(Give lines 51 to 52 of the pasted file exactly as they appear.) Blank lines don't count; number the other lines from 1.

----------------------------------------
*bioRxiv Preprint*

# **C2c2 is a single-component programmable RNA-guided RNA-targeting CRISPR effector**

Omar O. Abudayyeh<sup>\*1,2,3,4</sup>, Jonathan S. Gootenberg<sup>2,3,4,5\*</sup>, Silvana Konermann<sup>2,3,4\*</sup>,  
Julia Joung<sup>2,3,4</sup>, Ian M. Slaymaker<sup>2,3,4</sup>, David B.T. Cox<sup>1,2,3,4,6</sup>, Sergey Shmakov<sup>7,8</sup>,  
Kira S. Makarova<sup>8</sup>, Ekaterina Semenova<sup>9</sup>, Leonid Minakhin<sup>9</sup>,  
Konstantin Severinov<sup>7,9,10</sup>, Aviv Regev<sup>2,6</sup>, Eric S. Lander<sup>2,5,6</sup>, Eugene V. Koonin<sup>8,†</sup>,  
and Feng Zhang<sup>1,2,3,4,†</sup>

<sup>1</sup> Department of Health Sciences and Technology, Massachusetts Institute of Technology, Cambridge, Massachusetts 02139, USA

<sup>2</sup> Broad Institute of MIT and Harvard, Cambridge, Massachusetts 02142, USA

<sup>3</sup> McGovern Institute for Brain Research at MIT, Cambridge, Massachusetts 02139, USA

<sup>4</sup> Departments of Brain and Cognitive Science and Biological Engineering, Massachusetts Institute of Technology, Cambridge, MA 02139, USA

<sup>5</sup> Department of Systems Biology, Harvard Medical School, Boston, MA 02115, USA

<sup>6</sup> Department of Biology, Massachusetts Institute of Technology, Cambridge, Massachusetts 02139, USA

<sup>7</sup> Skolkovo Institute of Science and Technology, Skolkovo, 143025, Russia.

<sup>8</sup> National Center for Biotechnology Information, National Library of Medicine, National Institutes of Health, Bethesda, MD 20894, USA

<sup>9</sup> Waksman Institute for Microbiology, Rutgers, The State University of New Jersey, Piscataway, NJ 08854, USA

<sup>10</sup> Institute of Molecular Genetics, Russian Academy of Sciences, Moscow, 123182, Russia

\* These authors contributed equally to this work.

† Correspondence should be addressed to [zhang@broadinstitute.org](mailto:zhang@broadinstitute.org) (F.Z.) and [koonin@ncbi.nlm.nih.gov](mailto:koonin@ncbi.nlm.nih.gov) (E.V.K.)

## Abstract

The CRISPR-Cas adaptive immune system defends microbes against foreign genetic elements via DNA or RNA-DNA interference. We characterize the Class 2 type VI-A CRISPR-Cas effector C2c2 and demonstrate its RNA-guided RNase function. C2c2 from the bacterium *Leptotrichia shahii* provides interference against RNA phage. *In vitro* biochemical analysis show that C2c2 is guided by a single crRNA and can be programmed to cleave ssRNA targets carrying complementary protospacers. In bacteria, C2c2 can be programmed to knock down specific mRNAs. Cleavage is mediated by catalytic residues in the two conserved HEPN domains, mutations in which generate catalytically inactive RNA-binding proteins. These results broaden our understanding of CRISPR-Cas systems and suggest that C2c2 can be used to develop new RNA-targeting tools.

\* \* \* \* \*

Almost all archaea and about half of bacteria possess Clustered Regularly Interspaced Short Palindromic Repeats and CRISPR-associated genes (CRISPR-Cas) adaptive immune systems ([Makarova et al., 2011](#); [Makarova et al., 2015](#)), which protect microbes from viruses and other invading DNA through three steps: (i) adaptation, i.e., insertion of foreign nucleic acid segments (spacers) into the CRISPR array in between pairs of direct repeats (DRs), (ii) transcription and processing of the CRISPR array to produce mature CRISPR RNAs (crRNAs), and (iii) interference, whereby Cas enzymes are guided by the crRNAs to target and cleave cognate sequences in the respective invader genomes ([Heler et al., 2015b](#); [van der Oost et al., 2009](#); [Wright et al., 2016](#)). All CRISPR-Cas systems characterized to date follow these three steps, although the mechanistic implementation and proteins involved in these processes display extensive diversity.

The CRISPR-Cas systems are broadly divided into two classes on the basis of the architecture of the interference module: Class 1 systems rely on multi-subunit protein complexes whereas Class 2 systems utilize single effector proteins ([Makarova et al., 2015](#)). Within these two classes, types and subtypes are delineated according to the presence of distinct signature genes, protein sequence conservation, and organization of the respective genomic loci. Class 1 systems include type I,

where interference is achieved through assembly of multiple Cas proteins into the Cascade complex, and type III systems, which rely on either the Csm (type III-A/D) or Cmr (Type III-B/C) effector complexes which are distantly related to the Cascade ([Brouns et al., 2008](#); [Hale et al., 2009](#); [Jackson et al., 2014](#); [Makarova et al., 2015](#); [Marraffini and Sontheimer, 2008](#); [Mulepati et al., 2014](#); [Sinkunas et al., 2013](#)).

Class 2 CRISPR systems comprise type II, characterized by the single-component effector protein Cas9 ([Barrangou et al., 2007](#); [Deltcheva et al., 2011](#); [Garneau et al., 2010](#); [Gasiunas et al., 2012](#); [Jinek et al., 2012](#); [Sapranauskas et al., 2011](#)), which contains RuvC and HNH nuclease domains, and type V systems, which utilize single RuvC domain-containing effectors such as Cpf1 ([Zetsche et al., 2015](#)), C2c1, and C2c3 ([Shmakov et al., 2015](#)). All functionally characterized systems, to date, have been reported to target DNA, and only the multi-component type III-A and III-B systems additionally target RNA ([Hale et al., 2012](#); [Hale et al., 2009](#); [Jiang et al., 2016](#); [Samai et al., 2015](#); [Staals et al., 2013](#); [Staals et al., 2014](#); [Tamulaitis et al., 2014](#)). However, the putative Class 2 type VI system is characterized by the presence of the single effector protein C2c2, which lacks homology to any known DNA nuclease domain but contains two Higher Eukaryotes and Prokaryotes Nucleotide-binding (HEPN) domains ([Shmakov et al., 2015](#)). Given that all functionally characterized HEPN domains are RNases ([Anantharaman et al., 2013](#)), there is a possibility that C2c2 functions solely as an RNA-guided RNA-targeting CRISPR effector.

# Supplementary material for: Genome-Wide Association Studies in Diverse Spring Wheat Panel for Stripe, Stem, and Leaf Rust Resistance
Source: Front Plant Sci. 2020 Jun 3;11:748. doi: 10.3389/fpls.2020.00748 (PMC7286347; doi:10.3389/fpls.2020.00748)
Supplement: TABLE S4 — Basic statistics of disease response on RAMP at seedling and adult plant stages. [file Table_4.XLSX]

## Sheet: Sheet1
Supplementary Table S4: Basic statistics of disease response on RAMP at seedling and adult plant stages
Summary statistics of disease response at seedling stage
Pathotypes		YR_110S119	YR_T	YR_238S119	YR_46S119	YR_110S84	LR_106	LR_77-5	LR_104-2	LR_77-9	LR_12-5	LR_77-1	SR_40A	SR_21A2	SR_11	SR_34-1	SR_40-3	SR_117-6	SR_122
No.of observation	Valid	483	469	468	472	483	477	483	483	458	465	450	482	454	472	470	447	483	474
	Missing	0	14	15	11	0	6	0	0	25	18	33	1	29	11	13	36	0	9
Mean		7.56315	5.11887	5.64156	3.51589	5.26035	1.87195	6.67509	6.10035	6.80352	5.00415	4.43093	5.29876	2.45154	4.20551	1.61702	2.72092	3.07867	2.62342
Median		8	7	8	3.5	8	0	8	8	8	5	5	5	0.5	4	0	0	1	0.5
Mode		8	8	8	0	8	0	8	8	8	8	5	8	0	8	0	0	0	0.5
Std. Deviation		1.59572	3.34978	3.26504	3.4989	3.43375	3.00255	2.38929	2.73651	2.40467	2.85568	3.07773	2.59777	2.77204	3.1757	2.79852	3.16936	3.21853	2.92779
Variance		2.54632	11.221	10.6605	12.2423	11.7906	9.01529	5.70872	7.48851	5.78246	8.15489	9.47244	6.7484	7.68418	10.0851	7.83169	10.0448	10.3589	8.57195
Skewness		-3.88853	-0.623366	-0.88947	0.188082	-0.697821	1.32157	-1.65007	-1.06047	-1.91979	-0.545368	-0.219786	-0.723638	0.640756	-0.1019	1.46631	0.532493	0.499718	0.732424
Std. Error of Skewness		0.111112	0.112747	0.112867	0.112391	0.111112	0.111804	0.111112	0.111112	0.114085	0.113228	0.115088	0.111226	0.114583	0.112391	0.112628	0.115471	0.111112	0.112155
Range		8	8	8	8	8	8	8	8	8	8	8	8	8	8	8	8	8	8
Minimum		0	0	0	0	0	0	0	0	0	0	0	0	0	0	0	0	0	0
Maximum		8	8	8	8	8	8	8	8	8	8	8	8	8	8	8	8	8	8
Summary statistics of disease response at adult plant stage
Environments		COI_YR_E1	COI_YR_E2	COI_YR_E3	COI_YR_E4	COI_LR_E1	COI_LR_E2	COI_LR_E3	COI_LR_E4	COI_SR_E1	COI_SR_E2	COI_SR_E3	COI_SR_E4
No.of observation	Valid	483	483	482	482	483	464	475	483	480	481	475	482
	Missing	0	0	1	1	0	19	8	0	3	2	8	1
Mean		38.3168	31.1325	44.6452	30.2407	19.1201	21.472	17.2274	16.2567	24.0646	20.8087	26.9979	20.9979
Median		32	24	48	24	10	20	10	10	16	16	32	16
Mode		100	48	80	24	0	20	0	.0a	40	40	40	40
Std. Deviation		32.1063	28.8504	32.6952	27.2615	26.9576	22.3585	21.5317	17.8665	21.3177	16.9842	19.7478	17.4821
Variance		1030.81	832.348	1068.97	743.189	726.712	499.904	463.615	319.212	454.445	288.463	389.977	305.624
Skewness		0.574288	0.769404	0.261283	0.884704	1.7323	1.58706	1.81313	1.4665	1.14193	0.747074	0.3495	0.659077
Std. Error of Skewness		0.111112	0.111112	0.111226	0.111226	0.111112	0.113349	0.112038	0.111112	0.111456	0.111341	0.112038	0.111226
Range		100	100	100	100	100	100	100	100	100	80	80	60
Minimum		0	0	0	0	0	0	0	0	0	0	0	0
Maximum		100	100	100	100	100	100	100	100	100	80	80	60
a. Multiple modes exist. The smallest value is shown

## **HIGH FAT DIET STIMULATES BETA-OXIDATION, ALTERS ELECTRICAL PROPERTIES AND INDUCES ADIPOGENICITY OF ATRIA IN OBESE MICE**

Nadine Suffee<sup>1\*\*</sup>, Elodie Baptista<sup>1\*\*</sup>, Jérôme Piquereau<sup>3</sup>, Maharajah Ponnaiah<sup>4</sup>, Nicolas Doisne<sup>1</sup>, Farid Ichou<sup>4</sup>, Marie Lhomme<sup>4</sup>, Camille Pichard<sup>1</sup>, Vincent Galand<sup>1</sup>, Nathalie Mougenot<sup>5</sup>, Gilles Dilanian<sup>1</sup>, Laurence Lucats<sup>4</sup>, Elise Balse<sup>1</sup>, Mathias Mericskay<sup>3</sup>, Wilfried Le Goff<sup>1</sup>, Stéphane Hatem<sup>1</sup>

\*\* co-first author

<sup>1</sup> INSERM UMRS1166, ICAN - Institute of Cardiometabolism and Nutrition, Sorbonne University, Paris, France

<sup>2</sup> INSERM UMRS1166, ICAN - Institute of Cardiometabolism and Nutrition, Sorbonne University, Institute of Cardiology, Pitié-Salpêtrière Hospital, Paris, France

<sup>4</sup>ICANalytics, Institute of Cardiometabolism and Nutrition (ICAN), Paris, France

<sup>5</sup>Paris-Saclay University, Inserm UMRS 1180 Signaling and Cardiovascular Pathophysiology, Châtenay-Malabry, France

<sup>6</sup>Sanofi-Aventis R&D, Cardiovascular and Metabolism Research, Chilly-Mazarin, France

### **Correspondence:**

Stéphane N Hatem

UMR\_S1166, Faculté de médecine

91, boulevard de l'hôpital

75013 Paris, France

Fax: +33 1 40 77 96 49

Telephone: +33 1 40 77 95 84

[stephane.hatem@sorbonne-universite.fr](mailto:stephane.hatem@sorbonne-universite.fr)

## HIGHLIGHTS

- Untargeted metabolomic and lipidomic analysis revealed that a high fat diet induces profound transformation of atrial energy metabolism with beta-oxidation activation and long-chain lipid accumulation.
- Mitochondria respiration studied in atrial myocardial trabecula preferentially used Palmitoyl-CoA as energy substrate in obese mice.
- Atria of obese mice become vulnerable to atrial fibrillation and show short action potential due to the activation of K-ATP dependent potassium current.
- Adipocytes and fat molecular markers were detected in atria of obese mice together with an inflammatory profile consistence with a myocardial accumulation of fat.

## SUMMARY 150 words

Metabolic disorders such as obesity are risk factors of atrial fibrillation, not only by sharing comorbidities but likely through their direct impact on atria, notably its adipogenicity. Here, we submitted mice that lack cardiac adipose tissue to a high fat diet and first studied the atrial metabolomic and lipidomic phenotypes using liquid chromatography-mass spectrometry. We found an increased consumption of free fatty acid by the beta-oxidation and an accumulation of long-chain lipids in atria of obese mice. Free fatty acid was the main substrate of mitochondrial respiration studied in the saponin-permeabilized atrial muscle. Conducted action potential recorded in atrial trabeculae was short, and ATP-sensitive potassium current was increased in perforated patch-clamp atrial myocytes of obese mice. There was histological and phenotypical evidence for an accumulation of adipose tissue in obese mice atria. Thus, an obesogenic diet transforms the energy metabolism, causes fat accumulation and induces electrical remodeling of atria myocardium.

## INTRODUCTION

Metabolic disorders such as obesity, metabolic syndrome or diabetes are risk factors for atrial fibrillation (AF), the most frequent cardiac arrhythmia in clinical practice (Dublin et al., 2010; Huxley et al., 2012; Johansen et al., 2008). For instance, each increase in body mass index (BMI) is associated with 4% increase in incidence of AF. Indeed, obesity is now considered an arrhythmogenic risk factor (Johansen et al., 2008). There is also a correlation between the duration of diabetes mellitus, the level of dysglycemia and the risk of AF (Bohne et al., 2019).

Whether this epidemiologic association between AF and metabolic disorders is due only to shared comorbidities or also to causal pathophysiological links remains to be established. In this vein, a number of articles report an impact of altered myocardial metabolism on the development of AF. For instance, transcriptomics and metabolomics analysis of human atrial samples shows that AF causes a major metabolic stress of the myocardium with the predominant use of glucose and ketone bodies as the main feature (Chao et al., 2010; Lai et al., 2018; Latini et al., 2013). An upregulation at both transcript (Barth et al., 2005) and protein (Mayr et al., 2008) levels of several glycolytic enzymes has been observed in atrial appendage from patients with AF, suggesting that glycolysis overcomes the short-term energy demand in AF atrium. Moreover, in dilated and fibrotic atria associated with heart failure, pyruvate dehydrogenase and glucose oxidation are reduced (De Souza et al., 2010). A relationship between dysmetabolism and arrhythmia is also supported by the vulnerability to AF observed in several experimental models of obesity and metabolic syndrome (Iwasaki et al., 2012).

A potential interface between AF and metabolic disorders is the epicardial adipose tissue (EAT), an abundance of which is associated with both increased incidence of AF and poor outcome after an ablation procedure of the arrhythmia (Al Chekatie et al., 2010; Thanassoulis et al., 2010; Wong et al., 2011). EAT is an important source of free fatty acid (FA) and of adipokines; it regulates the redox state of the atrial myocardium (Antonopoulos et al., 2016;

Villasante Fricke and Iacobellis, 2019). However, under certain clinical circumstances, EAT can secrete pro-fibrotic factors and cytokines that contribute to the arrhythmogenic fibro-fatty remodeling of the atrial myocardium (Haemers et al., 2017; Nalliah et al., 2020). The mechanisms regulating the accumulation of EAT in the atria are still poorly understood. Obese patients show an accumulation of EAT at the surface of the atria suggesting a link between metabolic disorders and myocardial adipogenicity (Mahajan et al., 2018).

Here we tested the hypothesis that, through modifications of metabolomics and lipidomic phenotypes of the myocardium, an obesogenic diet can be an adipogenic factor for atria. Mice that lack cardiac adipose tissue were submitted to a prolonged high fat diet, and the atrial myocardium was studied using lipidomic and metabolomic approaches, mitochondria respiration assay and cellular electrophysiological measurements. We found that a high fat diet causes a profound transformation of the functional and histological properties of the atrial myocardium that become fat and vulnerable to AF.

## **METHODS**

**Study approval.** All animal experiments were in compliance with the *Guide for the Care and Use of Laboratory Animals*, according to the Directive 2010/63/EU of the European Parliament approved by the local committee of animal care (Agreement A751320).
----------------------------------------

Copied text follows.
Median		32	24	48	24	10	20	10	10	16	16	32	16
Mode		100	48	80	24	0	20	0	.0a	40	40	40	40